The Emerson Quartet have been performing together for 46 years with only one change in personnel, which makes them one of the most senior such ensembles currently on the boards. I'd thought they were on the verge of hanging it up, but the program notes indicated they have a lot of future tours planned.

They played two repertoire works whose fame is nevertheless vastly overshadowed by that of their own slow movements, taken out of context and played separately: Borodin's Second Quartet, source of the "Nocturne," and Barber's sole Quartet, source of the "Adagio for Strings."

Unfortunately for whatever reason, I was in no mental shape to appreciate a concert such as this, and it was that, rather than the choice of work following intermission, which caused me to bail at that point and head home. The Emersons gave the most remarkable warm lyricism to the rough and tumble outer movements of the Barber: if they could do the same thing to the Bartok First which followed, it would be a truly amazing thing.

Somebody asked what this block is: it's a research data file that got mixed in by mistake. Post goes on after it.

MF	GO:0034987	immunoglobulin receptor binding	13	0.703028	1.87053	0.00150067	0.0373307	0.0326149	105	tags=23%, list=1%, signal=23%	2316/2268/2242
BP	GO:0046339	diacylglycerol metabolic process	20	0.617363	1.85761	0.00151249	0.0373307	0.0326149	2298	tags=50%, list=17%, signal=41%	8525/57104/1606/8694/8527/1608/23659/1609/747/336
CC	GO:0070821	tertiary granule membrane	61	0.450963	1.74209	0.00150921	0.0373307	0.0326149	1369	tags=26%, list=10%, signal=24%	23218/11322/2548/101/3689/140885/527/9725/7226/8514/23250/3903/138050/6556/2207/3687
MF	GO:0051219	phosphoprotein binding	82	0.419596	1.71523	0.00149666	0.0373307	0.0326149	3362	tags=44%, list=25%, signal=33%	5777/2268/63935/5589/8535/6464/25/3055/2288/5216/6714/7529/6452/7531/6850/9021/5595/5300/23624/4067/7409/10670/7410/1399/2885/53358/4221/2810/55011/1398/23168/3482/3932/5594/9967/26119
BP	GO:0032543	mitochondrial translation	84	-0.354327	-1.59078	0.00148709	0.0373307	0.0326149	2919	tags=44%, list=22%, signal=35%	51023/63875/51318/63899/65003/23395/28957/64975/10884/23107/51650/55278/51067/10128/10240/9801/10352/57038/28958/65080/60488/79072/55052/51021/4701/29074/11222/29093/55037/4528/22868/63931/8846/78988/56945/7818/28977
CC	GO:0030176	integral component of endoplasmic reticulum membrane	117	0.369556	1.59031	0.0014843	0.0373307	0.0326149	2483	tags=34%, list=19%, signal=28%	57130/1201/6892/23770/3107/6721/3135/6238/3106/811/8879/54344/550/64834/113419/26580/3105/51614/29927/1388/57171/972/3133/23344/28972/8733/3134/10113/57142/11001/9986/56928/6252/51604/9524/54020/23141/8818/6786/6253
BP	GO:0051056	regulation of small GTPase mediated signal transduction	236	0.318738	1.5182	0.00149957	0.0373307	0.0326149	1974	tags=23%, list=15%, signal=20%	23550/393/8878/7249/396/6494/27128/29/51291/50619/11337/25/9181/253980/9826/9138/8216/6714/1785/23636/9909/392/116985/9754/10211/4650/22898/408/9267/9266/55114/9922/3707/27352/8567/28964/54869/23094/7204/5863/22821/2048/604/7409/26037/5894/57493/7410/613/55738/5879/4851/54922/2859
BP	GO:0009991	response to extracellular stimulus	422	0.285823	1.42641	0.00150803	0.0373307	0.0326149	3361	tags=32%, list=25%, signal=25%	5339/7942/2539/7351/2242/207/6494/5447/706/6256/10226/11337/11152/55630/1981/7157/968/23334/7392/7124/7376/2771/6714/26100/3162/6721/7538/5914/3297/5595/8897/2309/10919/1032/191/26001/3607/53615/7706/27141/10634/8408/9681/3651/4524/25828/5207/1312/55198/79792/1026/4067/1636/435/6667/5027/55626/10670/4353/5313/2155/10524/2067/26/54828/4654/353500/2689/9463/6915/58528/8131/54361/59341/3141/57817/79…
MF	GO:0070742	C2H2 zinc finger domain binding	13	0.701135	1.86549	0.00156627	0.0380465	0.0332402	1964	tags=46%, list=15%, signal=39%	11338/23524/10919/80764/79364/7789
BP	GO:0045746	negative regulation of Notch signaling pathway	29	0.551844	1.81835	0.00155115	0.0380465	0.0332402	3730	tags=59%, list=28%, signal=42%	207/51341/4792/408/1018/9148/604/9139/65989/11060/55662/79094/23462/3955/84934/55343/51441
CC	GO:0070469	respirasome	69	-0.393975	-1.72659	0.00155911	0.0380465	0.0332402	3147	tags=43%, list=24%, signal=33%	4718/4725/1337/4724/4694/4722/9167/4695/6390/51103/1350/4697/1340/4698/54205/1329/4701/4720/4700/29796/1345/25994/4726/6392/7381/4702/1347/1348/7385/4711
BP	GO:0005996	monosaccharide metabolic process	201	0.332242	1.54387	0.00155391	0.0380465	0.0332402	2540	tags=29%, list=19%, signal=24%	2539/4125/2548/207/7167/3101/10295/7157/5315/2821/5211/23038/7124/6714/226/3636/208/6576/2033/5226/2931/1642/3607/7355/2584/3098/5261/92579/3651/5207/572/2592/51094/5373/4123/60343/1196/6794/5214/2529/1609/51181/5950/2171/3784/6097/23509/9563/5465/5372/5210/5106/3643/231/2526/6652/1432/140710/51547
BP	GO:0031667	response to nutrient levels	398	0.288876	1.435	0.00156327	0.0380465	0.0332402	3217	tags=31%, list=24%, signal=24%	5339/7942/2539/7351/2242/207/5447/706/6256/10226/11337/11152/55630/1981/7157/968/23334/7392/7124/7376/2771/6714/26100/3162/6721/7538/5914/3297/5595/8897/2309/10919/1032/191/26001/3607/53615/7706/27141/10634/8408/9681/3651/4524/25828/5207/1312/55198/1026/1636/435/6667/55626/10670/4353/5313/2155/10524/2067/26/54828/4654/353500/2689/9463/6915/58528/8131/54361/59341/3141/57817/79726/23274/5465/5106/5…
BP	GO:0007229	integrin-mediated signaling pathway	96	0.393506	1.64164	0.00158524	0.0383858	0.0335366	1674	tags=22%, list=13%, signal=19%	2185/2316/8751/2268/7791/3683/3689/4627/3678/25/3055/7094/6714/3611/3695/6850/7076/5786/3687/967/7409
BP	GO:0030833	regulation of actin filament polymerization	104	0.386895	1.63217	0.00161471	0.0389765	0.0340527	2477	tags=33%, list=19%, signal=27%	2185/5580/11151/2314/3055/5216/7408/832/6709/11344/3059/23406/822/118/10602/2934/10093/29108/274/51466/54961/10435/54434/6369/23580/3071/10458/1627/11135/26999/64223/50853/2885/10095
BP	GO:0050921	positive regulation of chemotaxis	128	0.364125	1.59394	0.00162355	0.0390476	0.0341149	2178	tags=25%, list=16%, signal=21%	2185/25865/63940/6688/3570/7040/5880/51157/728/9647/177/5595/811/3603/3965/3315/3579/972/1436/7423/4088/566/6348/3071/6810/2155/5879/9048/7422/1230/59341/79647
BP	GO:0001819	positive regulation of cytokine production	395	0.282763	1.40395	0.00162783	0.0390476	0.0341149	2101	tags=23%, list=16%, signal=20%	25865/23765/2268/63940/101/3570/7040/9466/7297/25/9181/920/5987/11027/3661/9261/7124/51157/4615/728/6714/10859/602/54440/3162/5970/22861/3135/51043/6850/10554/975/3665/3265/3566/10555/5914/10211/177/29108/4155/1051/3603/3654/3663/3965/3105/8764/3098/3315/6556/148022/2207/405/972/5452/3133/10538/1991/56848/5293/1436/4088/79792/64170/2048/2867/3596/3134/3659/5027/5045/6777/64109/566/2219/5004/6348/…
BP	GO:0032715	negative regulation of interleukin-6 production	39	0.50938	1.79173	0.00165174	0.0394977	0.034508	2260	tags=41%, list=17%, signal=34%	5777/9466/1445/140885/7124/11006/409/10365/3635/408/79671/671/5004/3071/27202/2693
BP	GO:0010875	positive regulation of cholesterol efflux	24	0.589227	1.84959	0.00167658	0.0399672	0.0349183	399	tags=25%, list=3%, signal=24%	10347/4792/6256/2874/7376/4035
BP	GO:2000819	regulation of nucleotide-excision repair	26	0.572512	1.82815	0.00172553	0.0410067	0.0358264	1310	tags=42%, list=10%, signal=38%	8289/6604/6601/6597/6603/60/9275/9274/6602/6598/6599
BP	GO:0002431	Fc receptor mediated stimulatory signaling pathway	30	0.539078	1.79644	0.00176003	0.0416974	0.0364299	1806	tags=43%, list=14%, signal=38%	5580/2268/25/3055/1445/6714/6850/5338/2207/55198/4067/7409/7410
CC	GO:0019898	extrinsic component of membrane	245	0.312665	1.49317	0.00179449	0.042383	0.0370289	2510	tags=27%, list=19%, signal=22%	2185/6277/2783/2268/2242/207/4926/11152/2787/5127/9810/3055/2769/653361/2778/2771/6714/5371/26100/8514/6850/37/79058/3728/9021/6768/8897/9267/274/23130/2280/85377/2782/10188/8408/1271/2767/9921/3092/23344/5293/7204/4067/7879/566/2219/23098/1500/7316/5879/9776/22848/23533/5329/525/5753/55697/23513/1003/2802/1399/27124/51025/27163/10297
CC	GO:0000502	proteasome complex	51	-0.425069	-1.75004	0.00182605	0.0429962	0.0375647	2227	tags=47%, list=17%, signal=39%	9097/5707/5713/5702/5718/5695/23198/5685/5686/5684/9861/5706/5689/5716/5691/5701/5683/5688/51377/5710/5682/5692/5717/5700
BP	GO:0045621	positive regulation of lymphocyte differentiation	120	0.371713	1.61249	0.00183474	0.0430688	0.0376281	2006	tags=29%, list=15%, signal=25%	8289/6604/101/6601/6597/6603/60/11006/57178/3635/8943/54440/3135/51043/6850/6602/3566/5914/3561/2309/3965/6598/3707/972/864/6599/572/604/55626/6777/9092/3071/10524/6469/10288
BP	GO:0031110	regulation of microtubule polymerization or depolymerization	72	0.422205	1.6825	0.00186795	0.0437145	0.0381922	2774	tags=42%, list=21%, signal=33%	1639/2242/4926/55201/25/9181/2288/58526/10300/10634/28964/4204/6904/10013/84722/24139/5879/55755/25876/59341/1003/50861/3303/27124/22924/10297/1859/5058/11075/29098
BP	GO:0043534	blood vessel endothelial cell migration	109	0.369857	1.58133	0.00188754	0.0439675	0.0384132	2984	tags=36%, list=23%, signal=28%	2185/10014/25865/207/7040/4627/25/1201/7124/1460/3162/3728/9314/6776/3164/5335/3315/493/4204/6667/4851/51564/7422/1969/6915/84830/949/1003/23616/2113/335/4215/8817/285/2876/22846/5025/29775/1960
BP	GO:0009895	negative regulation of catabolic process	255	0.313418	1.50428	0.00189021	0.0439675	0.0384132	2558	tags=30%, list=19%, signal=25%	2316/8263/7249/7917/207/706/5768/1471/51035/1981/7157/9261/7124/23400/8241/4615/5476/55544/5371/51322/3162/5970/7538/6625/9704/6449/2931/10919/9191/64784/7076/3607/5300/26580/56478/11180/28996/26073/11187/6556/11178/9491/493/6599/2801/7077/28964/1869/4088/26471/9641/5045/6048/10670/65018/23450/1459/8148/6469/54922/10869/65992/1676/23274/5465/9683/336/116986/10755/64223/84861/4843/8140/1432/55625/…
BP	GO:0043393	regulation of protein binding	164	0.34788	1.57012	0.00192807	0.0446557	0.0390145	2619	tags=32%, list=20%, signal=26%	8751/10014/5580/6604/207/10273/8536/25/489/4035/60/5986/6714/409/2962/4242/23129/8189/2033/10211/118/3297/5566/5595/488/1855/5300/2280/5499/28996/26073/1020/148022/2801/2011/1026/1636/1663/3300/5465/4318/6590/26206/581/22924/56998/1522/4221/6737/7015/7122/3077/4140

But not for me. I just wasn't up to it.

At least I was able to make the whole wearisome journey (25 minutes wait for a BART train, due to system delays) on my newly-acquired senior-citizen transit card, which I'd bought on my Thursday outing from the service center at the downtown station, they not being available at the regular account-refill vendors.

Friday, May 6, 2022

concert review: San Francisco Symphony

This week's concert had a similar layout to last week's concert: guest conductor, curtain-raiser by a living composer, concerto, and a standard-repertoire symphony.